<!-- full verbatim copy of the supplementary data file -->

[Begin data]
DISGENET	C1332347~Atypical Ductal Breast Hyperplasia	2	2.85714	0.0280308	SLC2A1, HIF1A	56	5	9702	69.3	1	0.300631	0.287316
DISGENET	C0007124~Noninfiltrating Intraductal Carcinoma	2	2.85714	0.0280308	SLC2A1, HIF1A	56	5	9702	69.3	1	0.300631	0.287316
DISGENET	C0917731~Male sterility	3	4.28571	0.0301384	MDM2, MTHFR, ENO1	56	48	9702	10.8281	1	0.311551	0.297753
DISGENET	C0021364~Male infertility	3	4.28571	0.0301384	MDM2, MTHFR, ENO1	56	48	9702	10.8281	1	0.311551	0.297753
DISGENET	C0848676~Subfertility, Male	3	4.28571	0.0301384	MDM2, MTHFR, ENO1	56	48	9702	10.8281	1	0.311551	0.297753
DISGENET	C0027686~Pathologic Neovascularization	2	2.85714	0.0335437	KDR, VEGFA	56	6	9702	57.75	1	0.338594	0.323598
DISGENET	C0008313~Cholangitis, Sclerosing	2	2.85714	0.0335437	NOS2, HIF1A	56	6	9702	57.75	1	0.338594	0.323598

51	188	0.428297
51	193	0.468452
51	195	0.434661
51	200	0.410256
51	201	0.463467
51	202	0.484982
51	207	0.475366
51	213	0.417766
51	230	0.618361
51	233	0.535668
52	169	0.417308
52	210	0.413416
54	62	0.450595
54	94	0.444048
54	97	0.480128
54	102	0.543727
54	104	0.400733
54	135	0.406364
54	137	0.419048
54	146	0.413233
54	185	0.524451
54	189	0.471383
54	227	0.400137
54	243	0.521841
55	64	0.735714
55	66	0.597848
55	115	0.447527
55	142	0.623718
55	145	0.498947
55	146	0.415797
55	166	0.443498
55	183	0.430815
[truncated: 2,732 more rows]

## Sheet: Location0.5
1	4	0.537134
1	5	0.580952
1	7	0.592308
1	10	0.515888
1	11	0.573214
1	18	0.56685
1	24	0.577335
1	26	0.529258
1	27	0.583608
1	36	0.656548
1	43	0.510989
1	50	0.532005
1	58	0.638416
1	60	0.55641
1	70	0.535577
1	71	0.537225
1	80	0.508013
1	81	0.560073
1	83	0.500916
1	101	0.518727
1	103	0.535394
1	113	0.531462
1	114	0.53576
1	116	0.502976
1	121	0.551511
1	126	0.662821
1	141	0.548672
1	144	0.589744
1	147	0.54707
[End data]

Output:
DISGENET	C1332347~Atypical Ductal Breast Hyperplasia	2	2.85714	0.0280308	SLC2A1, HIF1A	56	5	9702	69.3	1	0.300631	0.287316
DISGENET	C0007124~Noninfiltrating Intraductal Carcinoma	2	2.85714	0.0280308	SLC2A1, HIF1A	56	5	9702	69.3	1	0.300631	0.287316
DISGENET	C0917731~Male sterility	3	4.28571	0.0301384	MDM2, MTHFR, ENO1	56	48	9702	10.8281	1	0.311551	0.297753
DISGENET	C0021364~Male infertility	3	4.28571	0.0301384	MDM2, MTHFR, ENO1	56	48	9702	10.8281	1	0.311551	0.297753
DISGENET	C0848676~Subfertility, Male	3	4.28571	0.0301384	MDM2, MTHFR, ENO1	56	48	9702	10.8281	1	0.311551	0.297753
DISGENET	C0027686~Pathologic Neovascularization	2	2.85714	0.0335437	KDR, VEGFA	56	6	9702	57.75	1	0.338594	0.323598
DISGENET	C0008313~Cholangitis, Sclerosing	2	2.85714	0.0335437	NOS2, HIF1A	56	6	9702	57.75	1	0.338594	0.323598

51	188	0.428297
51	193	0.468452
51	195	0.434661
51	200	0.410256
51	201	0.463467
51	202	0.484982
51	207	0.475366
51	213	0.417766
51	230	0.618361
51	233	0.535668
52	169	0.417308
52	210	0.413416
54	62	0.450595
54	94	0.444048
54	97	0.480128
54	102	0.543727
54	104	0.400733
54	135	0.406364
54	137	0.419048
54	146	0.413233
54	185	0.524451
54	189	0.471383
54	227	0.400137
54	243	0.521841
55	64	0.735714
55	66	0.597848
55	115	0.447527
55	142	0.623718
55	145	0.498947
55	146	0.415797
55	166	0.443498
55	183	0.430815
[truncated: 2,732 more rows]

## Sheet: Location0.5
1	4	0.537134
1	5	0.580952
1	7	0.592308
1	10	0.515888
1	11	0.573214
1	18	0.56685
1	24	0.577335
1	26	0.529258
1	27	0.583608
1	36	0.656548
1	43	0.510989
1	50	0.532005
1	58	0.638416
1	60	0.55641
1	70	0.535577
1	71	0.537225
1	80	0.508013
1	81	0.560073
1	83	0.500916
1	101	0.518727
1	103	0.535394
1	113	0.531462
1	114	0.53576
1	116	0.502976
1	121	0.551511
1	126	0.662821
1	141	0.548672
1	144	0.589744
1	147	0.54707